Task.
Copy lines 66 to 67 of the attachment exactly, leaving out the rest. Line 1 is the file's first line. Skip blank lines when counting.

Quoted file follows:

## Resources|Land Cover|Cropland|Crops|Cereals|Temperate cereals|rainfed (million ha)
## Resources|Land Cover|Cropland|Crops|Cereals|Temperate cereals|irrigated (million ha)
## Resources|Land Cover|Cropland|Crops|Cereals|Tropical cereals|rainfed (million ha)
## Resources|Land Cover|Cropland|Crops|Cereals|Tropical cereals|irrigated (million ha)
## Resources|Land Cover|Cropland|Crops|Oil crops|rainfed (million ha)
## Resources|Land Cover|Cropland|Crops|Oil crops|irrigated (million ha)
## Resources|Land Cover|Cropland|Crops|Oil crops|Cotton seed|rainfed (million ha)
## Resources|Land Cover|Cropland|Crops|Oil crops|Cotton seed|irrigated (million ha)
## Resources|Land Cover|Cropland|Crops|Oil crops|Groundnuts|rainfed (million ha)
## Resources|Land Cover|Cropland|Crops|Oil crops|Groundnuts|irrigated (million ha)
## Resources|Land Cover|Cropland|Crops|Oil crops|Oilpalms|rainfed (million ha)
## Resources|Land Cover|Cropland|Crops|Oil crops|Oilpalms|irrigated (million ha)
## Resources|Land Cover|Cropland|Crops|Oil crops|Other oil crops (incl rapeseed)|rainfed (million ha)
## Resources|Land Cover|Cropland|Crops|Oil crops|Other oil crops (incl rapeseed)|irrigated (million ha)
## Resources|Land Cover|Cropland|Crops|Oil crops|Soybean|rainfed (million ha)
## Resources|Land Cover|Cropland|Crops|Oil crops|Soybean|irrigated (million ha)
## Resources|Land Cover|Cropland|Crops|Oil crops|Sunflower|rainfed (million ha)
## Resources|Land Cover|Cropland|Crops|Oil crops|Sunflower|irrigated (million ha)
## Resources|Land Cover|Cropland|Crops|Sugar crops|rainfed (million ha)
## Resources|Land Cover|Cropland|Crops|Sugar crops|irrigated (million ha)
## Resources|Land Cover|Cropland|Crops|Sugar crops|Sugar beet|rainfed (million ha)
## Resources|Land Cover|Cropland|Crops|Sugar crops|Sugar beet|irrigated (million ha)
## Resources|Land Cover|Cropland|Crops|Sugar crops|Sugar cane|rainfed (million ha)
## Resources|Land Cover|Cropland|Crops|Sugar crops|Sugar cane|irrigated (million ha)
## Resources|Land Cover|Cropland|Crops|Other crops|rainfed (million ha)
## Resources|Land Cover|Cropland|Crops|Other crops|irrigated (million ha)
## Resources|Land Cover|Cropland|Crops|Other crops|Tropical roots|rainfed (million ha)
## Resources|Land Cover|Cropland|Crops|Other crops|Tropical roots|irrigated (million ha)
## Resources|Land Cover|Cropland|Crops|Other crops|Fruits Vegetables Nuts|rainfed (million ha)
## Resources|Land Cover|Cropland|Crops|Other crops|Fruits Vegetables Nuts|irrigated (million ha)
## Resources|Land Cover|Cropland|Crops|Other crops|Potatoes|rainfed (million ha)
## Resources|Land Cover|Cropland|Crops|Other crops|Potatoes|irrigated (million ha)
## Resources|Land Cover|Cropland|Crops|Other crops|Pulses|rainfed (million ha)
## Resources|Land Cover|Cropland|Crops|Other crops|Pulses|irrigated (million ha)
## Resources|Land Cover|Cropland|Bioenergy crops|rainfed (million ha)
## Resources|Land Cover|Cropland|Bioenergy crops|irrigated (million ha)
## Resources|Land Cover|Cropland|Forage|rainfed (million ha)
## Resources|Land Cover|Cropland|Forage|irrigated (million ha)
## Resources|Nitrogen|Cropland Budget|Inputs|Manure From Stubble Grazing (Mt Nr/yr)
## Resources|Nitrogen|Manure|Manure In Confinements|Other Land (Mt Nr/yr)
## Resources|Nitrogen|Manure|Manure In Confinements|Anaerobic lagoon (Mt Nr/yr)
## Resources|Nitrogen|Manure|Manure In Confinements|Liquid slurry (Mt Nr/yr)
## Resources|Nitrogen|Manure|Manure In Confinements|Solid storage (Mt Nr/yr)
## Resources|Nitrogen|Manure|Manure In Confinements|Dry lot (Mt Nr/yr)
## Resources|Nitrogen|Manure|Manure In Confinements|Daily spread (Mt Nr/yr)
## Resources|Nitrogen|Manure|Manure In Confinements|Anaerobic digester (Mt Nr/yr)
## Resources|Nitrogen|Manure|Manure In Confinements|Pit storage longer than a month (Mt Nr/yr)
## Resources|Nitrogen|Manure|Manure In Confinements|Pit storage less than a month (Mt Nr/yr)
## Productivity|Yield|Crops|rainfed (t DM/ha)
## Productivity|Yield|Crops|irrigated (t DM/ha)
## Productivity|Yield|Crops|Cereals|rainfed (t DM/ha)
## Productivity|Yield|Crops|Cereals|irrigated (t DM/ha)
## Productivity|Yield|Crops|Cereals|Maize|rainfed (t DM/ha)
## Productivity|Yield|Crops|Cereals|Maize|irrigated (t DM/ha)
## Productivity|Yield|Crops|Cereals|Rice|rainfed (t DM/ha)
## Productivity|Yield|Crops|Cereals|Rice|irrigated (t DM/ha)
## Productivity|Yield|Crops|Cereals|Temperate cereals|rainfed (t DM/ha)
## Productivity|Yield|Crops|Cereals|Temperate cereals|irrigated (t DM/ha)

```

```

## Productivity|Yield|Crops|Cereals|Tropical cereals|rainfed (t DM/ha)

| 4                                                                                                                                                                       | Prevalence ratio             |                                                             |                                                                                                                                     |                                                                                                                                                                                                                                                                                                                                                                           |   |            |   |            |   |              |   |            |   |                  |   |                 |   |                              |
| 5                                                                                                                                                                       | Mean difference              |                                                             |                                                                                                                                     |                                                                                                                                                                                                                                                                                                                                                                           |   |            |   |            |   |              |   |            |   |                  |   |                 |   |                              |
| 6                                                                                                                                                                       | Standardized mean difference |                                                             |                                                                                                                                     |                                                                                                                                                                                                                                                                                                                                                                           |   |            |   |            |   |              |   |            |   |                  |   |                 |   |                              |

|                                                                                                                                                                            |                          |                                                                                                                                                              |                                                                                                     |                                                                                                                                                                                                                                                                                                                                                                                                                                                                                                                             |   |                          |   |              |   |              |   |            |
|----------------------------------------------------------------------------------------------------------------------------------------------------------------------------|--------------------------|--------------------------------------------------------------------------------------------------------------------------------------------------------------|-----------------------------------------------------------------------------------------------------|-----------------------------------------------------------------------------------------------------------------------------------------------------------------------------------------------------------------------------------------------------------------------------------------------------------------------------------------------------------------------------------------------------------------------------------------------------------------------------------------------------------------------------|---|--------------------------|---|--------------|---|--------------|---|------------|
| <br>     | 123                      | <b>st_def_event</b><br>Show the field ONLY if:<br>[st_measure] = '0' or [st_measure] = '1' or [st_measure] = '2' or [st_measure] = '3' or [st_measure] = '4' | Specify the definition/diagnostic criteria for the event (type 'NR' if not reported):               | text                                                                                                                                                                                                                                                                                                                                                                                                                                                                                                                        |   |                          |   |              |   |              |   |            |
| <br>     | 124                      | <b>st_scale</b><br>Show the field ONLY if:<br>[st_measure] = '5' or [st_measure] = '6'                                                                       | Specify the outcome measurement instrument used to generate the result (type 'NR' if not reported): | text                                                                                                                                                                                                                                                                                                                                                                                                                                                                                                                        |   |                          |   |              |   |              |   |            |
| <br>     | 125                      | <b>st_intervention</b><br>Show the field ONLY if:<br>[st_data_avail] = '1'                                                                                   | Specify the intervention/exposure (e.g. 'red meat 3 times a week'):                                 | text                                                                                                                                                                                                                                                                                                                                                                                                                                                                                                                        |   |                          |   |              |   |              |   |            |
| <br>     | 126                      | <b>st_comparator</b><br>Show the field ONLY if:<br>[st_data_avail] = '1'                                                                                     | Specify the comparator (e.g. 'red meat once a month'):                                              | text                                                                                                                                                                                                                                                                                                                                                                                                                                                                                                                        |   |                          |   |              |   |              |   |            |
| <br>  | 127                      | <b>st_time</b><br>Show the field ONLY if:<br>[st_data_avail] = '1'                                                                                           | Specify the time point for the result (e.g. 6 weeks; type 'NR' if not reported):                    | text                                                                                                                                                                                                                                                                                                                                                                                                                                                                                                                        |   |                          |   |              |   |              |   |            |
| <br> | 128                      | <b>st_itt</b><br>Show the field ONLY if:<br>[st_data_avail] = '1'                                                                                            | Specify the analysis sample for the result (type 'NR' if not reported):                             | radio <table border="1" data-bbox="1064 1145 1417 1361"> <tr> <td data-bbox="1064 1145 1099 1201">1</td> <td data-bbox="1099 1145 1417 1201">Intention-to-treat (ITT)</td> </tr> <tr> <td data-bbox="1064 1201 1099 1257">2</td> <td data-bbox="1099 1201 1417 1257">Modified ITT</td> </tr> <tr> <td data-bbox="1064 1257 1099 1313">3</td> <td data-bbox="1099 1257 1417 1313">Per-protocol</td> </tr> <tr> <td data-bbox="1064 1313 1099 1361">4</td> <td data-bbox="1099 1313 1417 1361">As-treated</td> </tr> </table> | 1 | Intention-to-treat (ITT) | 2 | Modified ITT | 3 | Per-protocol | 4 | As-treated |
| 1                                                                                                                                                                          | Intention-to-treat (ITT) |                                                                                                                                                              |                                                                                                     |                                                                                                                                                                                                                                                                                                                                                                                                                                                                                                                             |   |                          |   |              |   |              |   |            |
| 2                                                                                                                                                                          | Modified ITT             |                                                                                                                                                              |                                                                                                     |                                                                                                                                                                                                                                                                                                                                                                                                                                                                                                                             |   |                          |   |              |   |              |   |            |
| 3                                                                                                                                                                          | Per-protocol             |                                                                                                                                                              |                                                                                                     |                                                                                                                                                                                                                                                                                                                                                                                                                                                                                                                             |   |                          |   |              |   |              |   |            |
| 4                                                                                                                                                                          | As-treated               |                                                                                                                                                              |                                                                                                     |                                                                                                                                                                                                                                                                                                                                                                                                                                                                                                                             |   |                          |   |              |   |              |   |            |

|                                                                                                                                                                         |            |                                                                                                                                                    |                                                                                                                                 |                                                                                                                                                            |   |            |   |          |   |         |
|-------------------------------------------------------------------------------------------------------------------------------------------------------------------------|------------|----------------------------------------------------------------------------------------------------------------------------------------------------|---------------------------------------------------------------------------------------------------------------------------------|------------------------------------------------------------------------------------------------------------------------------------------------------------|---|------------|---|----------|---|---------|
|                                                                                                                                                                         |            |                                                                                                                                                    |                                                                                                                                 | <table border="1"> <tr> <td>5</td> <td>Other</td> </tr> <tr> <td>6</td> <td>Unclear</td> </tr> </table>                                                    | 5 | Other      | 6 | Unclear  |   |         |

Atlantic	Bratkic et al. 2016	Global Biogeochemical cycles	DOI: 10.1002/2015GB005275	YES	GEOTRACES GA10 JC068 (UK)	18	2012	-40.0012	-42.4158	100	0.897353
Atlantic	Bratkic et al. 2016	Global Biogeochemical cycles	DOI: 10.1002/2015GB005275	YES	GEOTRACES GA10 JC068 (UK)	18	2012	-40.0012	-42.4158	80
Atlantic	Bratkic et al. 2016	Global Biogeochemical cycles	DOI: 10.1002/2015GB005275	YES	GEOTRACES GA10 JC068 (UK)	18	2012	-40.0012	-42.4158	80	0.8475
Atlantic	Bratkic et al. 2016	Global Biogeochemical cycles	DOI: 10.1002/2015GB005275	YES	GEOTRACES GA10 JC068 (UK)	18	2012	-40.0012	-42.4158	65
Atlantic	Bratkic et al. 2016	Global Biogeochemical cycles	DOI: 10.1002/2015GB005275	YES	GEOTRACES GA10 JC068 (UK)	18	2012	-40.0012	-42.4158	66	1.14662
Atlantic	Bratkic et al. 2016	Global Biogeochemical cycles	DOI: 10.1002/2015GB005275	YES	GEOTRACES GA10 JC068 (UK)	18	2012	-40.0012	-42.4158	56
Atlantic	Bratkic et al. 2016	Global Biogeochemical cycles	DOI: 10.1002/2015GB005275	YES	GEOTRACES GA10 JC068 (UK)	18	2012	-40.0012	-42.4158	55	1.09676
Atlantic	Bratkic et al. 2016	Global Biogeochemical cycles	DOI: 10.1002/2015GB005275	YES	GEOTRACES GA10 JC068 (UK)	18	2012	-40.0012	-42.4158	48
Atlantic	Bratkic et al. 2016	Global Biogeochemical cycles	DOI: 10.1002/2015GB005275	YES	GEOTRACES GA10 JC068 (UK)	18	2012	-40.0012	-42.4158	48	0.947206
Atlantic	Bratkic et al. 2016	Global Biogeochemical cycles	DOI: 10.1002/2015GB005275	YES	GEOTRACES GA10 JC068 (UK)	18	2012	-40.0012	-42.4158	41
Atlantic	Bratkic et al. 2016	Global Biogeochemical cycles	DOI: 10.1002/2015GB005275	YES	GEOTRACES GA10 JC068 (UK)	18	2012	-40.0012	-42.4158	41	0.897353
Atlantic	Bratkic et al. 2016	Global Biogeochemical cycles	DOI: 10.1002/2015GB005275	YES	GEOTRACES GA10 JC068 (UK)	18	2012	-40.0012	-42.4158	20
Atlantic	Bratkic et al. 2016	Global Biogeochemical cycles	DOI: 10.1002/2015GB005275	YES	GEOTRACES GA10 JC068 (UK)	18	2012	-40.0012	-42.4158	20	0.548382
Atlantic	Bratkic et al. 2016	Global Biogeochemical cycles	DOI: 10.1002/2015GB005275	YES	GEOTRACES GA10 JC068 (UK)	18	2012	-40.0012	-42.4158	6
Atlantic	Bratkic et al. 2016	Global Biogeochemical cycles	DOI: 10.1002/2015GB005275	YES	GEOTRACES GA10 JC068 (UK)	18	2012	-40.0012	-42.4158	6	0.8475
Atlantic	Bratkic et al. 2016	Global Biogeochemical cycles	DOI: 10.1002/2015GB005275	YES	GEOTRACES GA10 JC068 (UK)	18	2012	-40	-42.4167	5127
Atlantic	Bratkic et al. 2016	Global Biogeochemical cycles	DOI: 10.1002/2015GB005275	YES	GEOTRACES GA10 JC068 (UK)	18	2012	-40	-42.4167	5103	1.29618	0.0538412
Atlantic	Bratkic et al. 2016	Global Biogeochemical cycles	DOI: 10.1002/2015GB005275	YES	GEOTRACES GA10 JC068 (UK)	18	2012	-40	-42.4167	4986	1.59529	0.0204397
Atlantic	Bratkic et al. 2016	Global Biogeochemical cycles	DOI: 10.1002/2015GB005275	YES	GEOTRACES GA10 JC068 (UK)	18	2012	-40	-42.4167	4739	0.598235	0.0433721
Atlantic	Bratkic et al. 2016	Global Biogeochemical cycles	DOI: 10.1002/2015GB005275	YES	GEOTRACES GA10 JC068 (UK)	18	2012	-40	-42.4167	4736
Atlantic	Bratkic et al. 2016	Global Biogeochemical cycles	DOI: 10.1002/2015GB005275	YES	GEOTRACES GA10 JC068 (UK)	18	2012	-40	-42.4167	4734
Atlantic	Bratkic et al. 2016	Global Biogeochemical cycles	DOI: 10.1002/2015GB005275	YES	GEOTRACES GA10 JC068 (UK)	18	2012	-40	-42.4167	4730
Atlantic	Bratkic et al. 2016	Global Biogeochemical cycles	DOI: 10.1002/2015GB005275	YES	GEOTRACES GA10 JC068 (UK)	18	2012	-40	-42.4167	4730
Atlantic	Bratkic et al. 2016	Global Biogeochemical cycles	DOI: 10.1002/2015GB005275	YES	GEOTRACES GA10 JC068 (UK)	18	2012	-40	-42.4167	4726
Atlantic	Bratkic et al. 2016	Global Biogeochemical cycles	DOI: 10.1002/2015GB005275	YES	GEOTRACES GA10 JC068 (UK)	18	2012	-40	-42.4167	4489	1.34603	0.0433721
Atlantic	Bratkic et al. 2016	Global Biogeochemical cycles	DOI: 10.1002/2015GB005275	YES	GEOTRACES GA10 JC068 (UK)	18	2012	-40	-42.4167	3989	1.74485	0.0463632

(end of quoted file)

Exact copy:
|----------------------------------------------------------------------------------------------------------------------------------------------------------------------------|--------------------------|--------------------------------------------------------------------------------------------------------------------------------------------------------------|-----------------------------------------------------------------------------------------------------|-----------------------------------------------------------------------------------------------------------------------------------------------------------------------------------------------------------------------------------------------------------------------------------------------------------------------------------------------------------------------------------------------------------------------------------------------------------------------------------------------------------------------------|---|--------------------------|---|--------------|---|--------------|---|------------|
| <br>     | 123                      | <b>st_def_event</b><br>Show the field ONLY if:<br>[st_measure] = '0' or [st_measure] = '1' or [st_measure] = '2' or [st_measure] = '3' or [st_measure] = '4' | Specify the definition/diagnostic criteria for the event (type 'NR' if not reported):               | text                                                                                                                                                                                                                                                                                                                                                                                                                                                                                                                        |   |                          |   |              |   |              |   |            |